How to Create Swap Space in Arch Linux (Guide)

This article will show you how to create swap space in Arch. Swap space is a great way to give yourself a safety net when it comes to memory, or RAM. Not only is it good to have this as a safety net, it’s just great to have more memory!

This article will show you how to create swap space in Arch.

Introduction

Swap space is a great way to give yourself a safety net when it comes to memory, or RAM. Not only is it good to have this as a safety net, it’s just great to have more memory! This article will go through disk partitioning, creating a swap filesystem, activating it and adding an entry for it in the fstab file so that it will automatically mount at boot.

Disk Partitioning

The first step is in partitioning the disk you’d like to use is identifying the device. Use the lsblk command to display all connected disk devices. If there are already disks partitioned, this command will output them in a tree formation. The name of the device you are looking for will look like this:

/dev/sdb

Now that you have identified the name of the device and location, we need to partition the disk. In my case, I will create a single partition that will be the size of the entire disk. To do that, open the device with fdisk.

fdisk /dev/sdb

To create this single partition disk, use the d command until you are informed that there are no partitions left. Next, use the n command and hit enter through the defaults to create a partition that takes up the full size of the disk. Lastly, use the w command to write the changes to disk and exit fdisk.

The Swap Filesystem

The next step is to create the swap filesystem and activate it. The command to do this is mkswap. With this command, we will identify the disk that we want to use and, more specifically, the partition number that needs a swap space filesystem. Here’s what that will look like, keeping in mind that you should be replacing /dev/sdb with whatever your disk device is named.

mkswap /dev/sdb1

As you can see, we add the number 1 to the device name in order to specify the partition number to configure. Now, if we haven’t received any errors, we can activate that newly created swap space with swapon.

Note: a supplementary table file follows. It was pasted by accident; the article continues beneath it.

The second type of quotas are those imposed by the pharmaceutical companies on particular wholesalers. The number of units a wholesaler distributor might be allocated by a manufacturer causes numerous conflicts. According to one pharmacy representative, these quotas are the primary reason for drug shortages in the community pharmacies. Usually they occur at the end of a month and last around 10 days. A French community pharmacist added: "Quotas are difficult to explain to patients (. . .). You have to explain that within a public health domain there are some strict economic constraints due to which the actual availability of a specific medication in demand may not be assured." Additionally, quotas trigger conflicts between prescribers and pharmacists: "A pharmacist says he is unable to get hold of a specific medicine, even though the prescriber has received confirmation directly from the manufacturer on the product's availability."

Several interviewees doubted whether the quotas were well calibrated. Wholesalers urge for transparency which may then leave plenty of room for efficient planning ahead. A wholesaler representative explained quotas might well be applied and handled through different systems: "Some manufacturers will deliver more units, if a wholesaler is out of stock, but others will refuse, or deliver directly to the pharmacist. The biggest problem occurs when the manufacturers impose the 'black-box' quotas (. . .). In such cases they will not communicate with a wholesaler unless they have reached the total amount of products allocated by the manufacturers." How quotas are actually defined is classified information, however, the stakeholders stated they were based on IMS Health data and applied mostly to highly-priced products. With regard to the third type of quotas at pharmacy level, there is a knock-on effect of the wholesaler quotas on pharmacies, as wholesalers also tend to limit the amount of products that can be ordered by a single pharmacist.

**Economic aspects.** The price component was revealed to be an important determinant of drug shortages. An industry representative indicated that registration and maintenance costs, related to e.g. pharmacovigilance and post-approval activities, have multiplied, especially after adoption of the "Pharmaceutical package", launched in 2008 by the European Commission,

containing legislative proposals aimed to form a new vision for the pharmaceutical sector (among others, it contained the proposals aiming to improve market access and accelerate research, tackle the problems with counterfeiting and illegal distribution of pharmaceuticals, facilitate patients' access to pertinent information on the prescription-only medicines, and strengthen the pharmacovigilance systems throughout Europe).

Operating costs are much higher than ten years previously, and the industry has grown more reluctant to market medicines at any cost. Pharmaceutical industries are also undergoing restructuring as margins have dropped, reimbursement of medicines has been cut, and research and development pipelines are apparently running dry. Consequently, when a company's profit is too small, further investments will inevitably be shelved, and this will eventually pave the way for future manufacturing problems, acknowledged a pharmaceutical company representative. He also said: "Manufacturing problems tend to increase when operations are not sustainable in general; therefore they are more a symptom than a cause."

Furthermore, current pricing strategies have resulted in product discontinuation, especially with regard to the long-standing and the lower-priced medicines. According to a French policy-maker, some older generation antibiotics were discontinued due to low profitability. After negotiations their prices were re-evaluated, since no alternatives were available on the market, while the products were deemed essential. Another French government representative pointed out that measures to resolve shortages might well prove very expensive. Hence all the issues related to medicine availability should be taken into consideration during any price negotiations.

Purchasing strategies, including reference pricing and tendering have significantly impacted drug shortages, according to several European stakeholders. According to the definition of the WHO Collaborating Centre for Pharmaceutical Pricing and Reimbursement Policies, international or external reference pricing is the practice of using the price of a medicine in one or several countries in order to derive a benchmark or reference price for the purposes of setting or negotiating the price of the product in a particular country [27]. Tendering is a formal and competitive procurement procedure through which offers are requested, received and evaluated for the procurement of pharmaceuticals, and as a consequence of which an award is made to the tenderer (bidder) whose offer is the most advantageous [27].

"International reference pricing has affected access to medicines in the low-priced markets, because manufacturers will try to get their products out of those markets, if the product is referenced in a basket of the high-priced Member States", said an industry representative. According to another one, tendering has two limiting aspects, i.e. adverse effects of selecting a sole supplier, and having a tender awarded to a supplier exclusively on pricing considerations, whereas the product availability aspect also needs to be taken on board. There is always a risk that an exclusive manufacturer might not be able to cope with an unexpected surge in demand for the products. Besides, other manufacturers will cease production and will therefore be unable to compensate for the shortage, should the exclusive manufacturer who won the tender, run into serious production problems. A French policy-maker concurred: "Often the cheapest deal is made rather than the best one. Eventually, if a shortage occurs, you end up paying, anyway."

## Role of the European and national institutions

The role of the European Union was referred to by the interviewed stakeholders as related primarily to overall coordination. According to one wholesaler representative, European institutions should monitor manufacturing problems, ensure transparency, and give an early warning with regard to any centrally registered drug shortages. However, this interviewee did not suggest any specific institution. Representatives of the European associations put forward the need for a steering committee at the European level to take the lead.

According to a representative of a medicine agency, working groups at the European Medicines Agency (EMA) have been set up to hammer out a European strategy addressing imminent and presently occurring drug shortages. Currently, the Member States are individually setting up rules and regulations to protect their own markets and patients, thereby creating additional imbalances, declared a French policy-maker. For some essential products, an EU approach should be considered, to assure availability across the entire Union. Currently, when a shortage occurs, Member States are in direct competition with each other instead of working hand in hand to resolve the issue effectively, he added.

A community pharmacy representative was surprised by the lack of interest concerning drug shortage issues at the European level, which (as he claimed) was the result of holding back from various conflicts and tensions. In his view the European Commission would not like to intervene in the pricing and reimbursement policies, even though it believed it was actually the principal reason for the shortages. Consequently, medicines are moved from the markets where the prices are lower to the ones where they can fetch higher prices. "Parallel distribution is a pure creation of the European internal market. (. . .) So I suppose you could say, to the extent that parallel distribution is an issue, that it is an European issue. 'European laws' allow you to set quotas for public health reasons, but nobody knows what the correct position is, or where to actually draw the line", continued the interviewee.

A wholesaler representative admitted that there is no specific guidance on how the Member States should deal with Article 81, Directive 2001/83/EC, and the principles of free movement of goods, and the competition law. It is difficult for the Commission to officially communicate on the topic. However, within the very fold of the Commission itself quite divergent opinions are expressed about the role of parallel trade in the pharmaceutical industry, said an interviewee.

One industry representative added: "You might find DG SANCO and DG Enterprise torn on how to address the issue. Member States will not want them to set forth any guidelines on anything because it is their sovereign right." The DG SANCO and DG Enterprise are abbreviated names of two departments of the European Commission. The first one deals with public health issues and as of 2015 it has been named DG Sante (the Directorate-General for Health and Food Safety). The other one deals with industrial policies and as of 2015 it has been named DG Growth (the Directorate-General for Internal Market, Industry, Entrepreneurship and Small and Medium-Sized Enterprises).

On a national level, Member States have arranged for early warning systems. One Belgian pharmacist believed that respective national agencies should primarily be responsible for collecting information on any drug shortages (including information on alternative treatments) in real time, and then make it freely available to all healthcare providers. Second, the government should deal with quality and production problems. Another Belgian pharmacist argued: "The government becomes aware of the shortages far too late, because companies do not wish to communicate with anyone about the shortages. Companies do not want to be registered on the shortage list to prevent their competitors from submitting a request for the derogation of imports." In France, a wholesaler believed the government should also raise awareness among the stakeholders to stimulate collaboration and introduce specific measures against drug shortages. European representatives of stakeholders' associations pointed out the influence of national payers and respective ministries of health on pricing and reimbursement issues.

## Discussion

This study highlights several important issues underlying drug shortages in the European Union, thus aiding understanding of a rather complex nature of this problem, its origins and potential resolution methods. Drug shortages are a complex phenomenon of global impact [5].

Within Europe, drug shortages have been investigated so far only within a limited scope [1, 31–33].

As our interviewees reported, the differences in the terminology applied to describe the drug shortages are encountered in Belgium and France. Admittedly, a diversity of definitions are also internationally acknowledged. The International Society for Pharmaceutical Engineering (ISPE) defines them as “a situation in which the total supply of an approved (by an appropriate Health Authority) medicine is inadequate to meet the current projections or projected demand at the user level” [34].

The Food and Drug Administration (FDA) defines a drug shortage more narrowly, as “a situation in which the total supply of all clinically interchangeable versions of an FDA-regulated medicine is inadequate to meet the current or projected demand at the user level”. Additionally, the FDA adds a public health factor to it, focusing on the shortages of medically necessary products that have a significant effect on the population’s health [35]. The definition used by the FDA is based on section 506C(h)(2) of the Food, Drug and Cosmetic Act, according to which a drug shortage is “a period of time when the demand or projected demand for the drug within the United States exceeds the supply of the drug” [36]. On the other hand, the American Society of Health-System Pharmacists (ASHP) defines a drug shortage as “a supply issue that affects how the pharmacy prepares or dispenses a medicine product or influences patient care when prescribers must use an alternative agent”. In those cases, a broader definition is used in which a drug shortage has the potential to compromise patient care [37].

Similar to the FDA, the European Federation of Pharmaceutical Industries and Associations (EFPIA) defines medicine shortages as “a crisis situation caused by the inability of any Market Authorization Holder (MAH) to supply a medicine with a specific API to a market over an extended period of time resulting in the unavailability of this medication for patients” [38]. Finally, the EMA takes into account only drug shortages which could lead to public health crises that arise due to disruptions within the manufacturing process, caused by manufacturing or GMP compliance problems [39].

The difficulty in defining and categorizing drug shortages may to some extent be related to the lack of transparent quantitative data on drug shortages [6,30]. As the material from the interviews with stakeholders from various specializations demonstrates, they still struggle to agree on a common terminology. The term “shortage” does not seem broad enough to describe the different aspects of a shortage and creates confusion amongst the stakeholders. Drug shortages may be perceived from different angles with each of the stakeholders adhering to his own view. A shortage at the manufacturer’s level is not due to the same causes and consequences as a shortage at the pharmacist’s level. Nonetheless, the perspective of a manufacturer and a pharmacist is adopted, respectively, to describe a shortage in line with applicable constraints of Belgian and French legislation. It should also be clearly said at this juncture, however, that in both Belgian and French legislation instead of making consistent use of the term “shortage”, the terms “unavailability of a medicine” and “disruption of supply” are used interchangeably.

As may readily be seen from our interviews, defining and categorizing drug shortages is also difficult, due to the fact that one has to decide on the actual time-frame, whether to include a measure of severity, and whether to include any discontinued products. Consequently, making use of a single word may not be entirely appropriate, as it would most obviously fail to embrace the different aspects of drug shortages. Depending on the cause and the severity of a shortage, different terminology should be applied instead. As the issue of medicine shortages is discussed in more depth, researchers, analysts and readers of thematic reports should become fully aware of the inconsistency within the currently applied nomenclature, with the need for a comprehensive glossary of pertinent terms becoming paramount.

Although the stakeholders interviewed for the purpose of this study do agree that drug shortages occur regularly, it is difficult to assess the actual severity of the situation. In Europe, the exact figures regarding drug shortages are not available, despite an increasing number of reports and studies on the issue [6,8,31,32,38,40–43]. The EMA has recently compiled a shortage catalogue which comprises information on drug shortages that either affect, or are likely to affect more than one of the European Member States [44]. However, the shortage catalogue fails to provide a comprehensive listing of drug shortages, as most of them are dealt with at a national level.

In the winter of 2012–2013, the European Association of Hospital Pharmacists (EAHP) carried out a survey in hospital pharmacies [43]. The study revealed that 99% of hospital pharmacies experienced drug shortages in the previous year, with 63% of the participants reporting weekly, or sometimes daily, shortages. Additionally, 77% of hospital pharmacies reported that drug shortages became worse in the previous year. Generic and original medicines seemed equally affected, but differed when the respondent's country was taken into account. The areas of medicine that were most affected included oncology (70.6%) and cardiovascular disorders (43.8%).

swapon /dev/sdb1

Now you can take a look at your system monitoring tool, like top or htop, and you’ll see that you now have more swap space! However, if we were to restart the system right now, we’d lose that swap space. We would have to reactivate it with swapon, unless we have an fstab entry that configures the swap to activate automatically at boot.

Creating an Fstab Entry

The fstab file is a configuration file that specifies which disk devices need to be mounted/activated and how exactly that should be done. You can take a look at what already exists in that file with the cat command, like this.

cat /etc/fstab

The output that follows may have one or many lines, depending on how many disks are connected to your system. At least one of them will probably include one of the partitions on /dev/sda, which is most likely an ext4 type filesystem. Taking a quick glance at this will give you a general idea of how it all works.

Now that you understand how this file works, add a line to the end of the fstab file with echo. Replace /dev/sdb1 with the name and partition number with yours, if different.

echo "/dev/sdb1 none swap sw 0 0" >> /etc/fstab

Now, safely restart your system and check top or htop to see that the swap space has successfully been reactivated on boot.

Conclusion

If you have gotten this far, congratulations! You have now created swap space in Arch Linux. Now you have an extra layer of RAM memory that can be used as either a supplement or a safety net.

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